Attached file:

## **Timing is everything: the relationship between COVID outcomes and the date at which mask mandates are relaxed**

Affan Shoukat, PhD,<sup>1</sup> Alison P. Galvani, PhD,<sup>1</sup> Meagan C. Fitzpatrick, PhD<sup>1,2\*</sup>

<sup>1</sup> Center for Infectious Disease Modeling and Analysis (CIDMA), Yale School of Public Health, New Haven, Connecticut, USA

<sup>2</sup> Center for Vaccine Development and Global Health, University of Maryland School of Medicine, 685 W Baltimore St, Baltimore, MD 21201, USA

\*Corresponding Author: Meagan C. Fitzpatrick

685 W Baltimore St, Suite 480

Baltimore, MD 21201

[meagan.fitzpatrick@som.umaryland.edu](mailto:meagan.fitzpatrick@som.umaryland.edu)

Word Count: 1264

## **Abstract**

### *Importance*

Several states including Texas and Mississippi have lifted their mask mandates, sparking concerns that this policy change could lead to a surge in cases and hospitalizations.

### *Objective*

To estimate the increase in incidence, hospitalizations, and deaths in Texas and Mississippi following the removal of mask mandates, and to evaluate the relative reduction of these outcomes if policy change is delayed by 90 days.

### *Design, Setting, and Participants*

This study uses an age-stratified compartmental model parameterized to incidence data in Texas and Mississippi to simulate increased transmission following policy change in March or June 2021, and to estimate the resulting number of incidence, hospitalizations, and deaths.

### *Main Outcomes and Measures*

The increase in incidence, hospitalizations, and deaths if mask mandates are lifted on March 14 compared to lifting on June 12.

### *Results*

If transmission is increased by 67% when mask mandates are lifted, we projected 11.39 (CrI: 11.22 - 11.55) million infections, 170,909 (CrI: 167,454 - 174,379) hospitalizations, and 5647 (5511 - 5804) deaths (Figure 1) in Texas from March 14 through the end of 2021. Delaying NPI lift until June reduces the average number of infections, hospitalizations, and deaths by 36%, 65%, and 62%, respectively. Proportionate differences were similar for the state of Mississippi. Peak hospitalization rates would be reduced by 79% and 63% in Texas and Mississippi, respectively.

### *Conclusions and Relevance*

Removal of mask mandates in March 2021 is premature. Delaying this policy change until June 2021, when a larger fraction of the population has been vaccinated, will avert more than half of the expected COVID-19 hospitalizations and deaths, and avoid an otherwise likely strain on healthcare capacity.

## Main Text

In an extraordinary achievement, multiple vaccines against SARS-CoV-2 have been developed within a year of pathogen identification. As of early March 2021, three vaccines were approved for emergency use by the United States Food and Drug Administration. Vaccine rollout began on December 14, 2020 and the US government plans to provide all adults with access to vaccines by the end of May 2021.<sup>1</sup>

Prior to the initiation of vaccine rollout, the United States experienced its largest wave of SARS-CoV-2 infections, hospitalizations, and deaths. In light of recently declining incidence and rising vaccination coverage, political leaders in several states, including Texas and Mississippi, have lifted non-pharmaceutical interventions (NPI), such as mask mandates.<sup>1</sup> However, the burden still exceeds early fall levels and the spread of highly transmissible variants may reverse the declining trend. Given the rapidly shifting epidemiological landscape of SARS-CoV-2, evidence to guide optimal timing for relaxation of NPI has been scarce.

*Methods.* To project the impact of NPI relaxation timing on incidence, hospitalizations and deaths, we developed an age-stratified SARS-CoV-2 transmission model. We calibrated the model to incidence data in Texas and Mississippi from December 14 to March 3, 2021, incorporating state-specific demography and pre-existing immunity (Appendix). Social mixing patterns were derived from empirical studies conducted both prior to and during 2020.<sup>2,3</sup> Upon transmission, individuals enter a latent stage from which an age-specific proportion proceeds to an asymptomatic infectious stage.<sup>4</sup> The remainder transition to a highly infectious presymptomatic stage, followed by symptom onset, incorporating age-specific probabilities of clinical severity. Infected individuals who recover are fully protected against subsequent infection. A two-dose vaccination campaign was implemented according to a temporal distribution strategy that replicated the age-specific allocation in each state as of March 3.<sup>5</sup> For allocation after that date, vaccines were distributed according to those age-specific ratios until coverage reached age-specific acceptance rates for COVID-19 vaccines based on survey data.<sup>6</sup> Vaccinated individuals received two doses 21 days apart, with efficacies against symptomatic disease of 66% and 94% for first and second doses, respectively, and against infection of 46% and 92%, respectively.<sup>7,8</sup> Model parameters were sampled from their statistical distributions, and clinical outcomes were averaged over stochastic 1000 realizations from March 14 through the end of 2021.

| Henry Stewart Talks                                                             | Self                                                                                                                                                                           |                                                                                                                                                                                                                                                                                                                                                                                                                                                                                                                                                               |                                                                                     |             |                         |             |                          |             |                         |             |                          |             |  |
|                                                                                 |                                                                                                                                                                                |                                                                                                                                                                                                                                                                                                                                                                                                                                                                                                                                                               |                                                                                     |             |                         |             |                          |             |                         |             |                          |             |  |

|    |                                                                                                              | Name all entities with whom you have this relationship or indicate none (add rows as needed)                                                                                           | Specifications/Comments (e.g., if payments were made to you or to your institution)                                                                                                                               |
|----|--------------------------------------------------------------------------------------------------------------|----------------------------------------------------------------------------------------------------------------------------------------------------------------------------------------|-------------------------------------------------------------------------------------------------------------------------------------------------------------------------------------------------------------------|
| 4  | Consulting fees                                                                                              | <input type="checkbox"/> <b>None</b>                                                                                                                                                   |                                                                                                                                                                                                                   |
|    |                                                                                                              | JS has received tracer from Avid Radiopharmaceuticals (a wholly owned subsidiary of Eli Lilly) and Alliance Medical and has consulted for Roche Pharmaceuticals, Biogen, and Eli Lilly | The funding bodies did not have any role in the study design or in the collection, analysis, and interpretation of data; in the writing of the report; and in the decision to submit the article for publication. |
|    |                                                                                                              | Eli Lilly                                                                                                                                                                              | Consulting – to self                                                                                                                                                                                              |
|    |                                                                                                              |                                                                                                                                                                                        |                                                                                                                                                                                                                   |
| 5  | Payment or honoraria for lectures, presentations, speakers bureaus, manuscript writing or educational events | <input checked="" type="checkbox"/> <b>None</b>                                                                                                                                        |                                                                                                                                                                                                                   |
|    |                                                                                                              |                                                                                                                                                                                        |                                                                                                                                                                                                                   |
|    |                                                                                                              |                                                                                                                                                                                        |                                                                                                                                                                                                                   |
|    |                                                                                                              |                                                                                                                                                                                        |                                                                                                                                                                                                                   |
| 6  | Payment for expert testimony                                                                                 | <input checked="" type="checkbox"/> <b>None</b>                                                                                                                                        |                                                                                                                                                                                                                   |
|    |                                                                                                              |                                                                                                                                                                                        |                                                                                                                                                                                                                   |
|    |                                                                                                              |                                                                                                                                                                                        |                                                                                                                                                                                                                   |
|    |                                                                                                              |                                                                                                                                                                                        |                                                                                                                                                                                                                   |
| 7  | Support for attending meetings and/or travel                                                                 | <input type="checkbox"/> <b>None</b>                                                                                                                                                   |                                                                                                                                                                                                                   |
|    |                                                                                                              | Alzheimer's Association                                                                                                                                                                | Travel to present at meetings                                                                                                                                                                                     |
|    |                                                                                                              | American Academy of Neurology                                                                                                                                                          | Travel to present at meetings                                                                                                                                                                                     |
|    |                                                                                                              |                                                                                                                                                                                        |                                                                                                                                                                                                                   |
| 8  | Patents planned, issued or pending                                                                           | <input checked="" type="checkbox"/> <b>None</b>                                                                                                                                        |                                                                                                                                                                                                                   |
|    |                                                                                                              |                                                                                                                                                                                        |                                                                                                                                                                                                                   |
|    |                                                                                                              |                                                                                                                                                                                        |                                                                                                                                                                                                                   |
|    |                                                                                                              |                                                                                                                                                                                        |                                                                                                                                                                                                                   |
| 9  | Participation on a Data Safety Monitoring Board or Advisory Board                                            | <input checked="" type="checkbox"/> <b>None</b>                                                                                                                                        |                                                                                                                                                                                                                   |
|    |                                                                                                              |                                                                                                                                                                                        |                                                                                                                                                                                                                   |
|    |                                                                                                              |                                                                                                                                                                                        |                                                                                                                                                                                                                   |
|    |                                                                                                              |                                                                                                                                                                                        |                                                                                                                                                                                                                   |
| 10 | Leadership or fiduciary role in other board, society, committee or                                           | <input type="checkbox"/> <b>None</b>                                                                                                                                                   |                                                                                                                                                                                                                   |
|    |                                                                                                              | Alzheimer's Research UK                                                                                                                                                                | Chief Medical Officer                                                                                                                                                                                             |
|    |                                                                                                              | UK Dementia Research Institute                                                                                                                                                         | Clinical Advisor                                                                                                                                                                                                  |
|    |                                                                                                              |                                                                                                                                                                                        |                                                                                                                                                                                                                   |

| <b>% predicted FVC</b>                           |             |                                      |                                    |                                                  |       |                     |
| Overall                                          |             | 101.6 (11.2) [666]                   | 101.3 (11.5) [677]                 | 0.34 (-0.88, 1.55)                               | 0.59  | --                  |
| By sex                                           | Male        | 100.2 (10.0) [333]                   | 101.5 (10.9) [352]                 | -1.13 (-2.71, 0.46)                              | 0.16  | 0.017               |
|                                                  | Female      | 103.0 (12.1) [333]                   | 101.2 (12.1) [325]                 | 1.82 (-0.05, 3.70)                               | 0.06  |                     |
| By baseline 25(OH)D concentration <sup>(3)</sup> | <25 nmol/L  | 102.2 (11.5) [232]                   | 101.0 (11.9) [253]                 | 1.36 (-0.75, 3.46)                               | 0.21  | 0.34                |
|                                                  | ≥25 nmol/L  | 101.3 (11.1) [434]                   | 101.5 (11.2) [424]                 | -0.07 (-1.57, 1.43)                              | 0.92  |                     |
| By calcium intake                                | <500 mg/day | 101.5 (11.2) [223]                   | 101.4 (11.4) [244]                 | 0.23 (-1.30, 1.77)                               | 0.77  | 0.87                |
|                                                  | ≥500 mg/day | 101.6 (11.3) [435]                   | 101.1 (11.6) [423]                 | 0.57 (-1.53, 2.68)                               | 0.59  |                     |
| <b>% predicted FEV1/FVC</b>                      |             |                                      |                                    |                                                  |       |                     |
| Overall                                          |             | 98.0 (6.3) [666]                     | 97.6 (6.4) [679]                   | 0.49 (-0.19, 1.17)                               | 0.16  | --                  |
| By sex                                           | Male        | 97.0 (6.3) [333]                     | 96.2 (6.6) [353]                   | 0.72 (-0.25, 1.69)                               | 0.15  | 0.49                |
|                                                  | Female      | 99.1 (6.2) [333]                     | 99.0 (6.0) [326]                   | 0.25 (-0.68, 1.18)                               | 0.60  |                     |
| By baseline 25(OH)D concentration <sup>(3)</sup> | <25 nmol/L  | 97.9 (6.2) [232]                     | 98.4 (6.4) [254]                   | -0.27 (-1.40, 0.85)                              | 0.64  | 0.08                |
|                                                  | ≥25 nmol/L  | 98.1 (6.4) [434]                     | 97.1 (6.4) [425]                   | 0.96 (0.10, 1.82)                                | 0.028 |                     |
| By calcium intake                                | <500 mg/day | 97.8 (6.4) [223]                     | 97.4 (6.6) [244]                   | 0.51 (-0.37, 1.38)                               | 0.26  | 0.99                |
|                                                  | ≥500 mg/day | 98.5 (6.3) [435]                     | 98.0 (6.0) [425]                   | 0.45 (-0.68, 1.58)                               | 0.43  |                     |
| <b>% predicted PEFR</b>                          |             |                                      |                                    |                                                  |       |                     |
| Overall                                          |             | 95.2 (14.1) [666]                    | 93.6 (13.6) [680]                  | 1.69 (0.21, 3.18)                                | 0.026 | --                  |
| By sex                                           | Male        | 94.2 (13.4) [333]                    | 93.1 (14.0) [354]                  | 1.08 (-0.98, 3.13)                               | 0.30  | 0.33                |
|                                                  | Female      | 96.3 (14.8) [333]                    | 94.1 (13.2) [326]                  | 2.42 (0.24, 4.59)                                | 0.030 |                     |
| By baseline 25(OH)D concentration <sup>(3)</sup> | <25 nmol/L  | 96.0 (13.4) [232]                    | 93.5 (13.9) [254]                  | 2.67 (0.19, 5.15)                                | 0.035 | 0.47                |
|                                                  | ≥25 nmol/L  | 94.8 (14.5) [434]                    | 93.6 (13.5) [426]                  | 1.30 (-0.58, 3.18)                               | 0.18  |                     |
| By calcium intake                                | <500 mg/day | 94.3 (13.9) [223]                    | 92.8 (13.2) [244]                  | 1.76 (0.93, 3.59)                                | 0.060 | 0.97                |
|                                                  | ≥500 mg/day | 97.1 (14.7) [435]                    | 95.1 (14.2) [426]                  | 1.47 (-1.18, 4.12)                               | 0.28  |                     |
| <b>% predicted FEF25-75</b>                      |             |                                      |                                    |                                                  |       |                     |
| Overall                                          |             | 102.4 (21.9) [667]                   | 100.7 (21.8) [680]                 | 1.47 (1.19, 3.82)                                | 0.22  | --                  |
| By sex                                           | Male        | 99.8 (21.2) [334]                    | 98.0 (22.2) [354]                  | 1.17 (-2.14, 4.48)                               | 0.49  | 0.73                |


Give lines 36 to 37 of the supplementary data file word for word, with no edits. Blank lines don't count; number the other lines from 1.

|    |                                                                                                              |                                                                                                                                                                                        |                                                                                                                                                                                                                   |
|    |                                                                                                              |                                                                                                                                                                                        |                                                                                                                                                                                                                   |